Emily said: “My everything is suffering and I’m not sure how much longer we can keep this up. As soon as the kids are asleep, I pass out because I’m always bone tired. But, I also feel this pressure to keep up a happy-it’s-all-good face so the kids don’t feel bad or sad or scared because none of it is their fault and I don’t want them to see this pressure.”

Without the support of her mother, she would drop out of work altogether. Working full-time job on top of school closures is unsustainable.

What happens when state governments close schools to stop the spread of a deadly pathogen?

The same as before: mothers step out of employment to manage the care.

My book, Motherlands: How States Push Mothers Out of Employment, shows these patterns are nothing new. Prior to the pandemic, California had some of the highest childcare costs in the nation and some of the shortest school days. Afterschool care? Forget about it—many Californian families need but cannot access afterschool care. These structural impediments mean mothers often reduce work to part-time or drop out altogether.

As Emily says, “Childcare was always hard and now it’s just impossible. In summer, I pay someone to watch the kids and I would lose money on these days.”

These patterns are distinct to many of the states in the heartland where childcare gobbles up less of the family budget, school days are longer and afterschool care is more accessible. The result? More mothers are employed, in part, because they can access more affordable childcare.

As Motherlands shows, California is a gender progressive state and is one of the leaders in the country in empowering women. When women do work, they make more money and have access to higher level professional positions. More women are voted into California’s state legislature and California is one of the few states in the nation that provides its constituents paid parental leave.

So, what is happening here? How can California be both progressive in its gender policies but have some of the worst childcare outcomes?

Motherlands shows states tend to cluster on one of these metrics or the other—either facilitating mother’s employment through childcare resources or empowering women through policies and access to better economic markets. Only a handful of states do both—empower women and provide childcare resources. This means even the progressive states that aim to empower women must do more to support them when they become mothers.

And, now seems to be the time because women like Emily are suffering with closed schools and limited childcare support.

We need employers and governments to invest in, advocate for and execute comprehensive and effective childcare policies.

The pandemic and its impending recession is a major crisis. Within these crises, if we are smart, can come change. Putting childcare as a central policy solution is the only way forward.

Celebrating National Coming Out Week

This week in North Philly Notes, we proudly present ten of our LGBTQ+ titles!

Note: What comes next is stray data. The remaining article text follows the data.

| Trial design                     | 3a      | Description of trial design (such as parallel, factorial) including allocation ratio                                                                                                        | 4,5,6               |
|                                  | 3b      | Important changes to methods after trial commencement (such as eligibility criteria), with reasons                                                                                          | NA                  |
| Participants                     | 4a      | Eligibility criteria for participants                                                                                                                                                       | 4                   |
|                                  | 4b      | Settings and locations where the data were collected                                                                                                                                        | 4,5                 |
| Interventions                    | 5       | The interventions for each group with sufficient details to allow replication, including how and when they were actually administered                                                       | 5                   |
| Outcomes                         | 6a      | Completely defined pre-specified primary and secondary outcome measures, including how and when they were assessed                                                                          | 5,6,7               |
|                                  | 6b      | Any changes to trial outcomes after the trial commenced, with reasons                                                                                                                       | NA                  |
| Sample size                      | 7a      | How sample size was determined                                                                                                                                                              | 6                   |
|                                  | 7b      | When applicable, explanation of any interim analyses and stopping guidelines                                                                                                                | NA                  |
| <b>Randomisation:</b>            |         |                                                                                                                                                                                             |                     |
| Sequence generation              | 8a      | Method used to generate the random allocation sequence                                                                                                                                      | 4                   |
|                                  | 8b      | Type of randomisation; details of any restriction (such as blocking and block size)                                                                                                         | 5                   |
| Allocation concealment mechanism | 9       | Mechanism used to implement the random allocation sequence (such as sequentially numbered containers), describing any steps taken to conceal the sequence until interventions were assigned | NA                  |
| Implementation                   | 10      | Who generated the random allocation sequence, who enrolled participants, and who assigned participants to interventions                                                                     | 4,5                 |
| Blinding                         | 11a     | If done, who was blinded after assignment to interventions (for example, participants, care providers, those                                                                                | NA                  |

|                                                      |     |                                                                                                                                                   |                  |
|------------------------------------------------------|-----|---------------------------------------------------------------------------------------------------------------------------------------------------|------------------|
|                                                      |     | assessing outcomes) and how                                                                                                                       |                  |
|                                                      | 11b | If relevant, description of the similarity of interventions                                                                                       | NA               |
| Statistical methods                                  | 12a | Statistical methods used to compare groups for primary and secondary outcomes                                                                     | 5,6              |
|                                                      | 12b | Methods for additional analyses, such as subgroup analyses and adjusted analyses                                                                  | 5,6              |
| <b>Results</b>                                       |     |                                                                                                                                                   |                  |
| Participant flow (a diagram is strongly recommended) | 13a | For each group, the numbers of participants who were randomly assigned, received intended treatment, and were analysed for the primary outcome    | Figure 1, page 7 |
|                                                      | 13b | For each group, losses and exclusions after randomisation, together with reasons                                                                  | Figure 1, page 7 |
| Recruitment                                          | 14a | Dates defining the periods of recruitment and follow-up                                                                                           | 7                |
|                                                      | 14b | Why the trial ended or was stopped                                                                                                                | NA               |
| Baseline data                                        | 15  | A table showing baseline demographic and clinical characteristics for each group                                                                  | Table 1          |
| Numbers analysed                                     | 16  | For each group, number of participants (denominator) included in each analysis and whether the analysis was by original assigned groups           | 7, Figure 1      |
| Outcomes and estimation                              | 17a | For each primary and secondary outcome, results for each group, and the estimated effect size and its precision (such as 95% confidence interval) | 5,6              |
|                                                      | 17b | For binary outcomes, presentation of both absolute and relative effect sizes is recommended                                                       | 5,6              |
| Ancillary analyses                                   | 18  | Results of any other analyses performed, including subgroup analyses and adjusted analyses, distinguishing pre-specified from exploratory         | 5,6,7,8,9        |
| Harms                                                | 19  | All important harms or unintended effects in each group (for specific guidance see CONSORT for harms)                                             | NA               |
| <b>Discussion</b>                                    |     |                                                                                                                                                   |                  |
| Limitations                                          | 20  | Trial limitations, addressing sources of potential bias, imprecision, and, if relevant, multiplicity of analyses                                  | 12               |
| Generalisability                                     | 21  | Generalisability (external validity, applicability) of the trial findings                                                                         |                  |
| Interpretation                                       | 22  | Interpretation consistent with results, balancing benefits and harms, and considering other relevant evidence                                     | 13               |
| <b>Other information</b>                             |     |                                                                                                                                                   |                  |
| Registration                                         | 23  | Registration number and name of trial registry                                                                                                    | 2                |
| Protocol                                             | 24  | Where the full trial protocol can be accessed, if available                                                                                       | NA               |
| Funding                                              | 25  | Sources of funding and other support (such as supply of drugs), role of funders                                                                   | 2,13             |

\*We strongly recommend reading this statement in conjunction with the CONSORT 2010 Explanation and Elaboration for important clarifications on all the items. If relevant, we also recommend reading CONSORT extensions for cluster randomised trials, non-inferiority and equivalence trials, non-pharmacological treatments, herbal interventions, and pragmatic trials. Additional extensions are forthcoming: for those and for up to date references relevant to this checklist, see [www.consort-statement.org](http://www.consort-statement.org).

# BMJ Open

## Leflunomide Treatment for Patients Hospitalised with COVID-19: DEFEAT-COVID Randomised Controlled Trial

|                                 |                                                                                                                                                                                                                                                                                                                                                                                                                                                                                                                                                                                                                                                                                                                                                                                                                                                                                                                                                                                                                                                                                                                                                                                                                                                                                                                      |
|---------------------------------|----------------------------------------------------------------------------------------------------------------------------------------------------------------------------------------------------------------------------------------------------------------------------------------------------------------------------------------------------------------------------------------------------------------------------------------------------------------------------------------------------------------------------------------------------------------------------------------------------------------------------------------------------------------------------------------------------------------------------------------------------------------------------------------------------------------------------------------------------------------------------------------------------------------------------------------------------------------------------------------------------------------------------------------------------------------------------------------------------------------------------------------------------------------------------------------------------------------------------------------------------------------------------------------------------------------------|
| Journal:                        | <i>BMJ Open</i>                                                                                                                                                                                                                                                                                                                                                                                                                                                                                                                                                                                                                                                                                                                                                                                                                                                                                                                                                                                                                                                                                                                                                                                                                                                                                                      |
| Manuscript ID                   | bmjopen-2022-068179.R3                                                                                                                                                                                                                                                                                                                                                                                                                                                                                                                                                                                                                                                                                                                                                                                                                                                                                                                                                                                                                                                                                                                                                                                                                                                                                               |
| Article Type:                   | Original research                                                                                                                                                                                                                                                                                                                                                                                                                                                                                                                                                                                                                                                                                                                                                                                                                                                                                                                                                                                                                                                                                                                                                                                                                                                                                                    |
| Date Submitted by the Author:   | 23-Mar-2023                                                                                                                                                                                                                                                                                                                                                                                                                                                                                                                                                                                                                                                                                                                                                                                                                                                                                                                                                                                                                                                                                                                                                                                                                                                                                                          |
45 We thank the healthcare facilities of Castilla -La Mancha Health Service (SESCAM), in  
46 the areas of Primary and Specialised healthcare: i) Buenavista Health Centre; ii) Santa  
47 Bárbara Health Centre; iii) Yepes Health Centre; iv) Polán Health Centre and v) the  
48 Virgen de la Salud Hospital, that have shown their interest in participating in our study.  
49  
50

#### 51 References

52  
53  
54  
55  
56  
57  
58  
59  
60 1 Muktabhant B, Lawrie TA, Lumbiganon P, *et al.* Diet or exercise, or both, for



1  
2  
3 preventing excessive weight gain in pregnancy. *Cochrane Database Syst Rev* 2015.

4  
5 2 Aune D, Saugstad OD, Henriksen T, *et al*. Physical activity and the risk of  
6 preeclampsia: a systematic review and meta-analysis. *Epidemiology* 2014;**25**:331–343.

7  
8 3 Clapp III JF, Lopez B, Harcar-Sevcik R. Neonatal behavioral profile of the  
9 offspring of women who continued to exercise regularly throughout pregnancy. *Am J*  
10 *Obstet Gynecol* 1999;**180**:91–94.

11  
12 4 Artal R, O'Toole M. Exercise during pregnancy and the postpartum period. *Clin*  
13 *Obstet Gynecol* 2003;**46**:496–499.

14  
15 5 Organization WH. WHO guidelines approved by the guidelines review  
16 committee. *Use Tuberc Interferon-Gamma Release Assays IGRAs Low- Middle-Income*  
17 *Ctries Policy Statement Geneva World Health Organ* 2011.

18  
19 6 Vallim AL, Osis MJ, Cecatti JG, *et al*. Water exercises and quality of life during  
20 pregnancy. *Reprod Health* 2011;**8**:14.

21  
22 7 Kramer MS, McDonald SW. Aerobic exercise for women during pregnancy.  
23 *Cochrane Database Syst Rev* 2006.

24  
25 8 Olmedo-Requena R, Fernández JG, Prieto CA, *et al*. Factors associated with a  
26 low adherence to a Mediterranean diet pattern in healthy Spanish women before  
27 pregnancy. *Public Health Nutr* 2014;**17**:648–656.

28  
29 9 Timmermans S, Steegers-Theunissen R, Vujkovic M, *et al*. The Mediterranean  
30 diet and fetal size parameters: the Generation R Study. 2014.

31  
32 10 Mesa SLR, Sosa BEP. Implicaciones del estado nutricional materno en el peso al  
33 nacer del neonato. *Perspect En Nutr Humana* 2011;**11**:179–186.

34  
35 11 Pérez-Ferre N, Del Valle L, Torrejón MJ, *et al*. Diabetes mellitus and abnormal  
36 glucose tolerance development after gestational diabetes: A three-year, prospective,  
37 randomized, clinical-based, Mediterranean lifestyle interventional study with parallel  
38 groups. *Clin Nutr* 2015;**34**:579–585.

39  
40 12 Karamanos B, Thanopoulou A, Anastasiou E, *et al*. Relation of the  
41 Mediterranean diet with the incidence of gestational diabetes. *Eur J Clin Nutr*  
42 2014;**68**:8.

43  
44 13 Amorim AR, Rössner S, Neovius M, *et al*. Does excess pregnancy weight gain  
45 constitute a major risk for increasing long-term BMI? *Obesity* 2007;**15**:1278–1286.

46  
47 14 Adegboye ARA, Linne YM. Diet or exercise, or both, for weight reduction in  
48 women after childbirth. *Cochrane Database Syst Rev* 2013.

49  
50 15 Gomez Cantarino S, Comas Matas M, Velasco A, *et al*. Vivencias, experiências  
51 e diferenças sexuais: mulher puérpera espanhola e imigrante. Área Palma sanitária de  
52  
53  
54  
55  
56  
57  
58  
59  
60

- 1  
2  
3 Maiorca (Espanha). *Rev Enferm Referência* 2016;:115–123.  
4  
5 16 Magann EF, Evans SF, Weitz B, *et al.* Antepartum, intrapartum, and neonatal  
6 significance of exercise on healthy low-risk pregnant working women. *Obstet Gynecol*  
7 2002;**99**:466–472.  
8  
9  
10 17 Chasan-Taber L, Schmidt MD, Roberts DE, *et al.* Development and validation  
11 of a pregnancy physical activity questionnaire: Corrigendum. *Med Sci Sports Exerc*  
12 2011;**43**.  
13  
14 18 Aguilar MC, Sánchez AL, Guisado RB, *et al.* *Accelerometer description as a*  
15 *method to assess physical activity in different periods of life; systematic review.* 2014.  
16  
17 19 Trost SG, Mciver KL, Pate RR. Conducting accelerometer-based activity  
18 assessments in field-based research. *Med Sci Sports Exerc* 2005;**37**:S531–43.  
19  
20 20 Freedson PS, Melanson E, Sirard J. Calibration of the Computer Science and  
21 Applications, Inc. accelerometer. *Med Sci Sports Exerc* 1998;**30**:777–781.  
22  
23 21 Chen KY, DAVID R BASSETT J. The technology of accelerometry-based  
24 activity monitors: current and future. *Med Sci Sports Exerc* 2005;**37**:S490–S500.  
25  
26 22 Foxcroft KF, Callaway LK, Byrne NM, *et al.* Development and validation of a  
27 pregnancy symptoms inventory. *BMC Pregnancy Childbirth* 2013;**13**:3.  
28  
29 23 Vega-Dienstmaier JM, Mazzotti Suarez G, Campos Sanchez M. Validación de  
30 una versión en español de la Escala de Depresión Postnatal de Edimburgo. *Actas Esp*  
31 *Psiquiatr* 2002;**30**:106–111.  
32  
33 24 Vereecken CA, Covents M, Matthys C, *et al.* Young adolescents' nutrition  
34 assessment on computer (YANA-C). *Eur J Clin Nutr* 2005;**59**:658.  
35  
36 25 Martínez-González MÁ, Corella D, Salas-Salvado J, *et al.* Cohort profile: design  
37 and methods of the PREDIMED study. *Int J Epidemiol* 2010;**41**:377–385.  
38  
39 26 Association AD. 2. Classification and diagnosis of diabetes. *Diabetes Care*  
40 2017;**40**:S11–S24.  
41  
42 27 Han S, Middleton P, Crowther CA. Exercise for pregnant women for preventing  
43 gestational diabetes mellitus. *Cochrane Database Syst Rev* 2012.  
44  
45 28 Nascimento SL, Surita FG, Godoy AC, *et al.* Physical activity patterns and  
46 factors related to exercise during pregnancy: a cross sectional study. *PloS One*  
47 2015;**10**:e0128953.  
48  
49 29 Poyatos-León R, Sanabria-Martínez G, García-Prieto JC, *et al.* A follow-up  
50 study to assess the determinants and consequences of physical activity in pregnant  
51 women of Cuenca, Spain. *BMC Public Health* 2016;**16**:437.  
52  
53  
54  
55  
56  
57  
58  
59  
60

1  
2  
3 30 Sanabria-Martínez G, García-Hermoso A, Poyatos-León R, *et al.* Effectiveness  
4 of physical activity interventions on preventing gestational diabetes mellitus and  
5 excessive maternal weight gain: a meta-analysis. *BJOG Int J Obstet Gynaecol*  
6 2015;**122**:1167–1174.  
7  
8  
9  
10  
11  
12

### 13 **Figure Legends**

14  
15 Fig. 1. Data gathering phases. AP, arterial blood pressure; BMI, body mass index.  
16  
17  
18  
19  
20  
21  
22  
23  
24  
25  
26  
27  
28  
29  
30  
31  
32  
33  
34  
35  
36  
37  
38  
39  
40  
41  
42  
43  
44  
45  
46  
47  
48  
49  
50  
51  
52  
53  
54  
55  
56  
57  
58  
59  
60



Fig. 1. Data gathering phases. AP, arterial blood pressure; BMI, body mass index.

Action = Vie: A History of AIDS Activism and Gay Politics in France, by Christophe Broqua
Chronicling the history and accomplishments of Act Up-Paris

Civic Intimacies: Black Queer Improvisations on Citizenship, by Niels van Doorn
Mapping the political and personal stakes of Black queer lives in Baltimore

Disruptive Situations: Fractal Orientalism and Queer Strategies in Beirut, by Ghassan Moussawi
The first comprehensive study to employ the lens of queer lives in the Arab World to understand everyday life disruptions, conflicts, and violence

In a Queer Voice: Journeys of Resilience from Adolescence to Adulthood, by Michael Sadowski
In-depth interviews over six years show us how LGBTQ youth survive adolescence, thrive as adults, and find a voice that is uniquely their own

Just Queer Folks: Gender and Sexuality in Rural America, by Colin R. Johnson
Uncovering the history of gender and sexual nonconformity in rural America, with a focus on the Midwest during the first half of the twentieth century

Officially Gay: The Political Construction of Sexuality by the U.S. Military, by Gary L. Lehring
How the military defined homosexuality and the ways that shaped the gay and lesbian identity and movements

Out in the Union: A Labor History of Queer America, by Miriam Frank
A groundbreaking history of queer activists who advanced the causes of labor organizing and LGBT rights

Public City/Public Sex: Homosexuality, Prostitution, and Urban Culture in Nineteenth-Century Paris, by Andrew Israel Ross
How female prostitutes and men who sought sex with other men shaped the history and emergence of modern Paris in the nineteenth century

Sticky Rice: A Politics of Intraracial Desire, by Cynthia Wu
Creating a queer genealogy of Asian American literary criticism

Vulnerable Constitutions: Queerness, Disability, and the Remaking of American Manhood, by Cynthia Barounis
Presents an alternative queer-crip genealogy of American masculinity in the twentieth century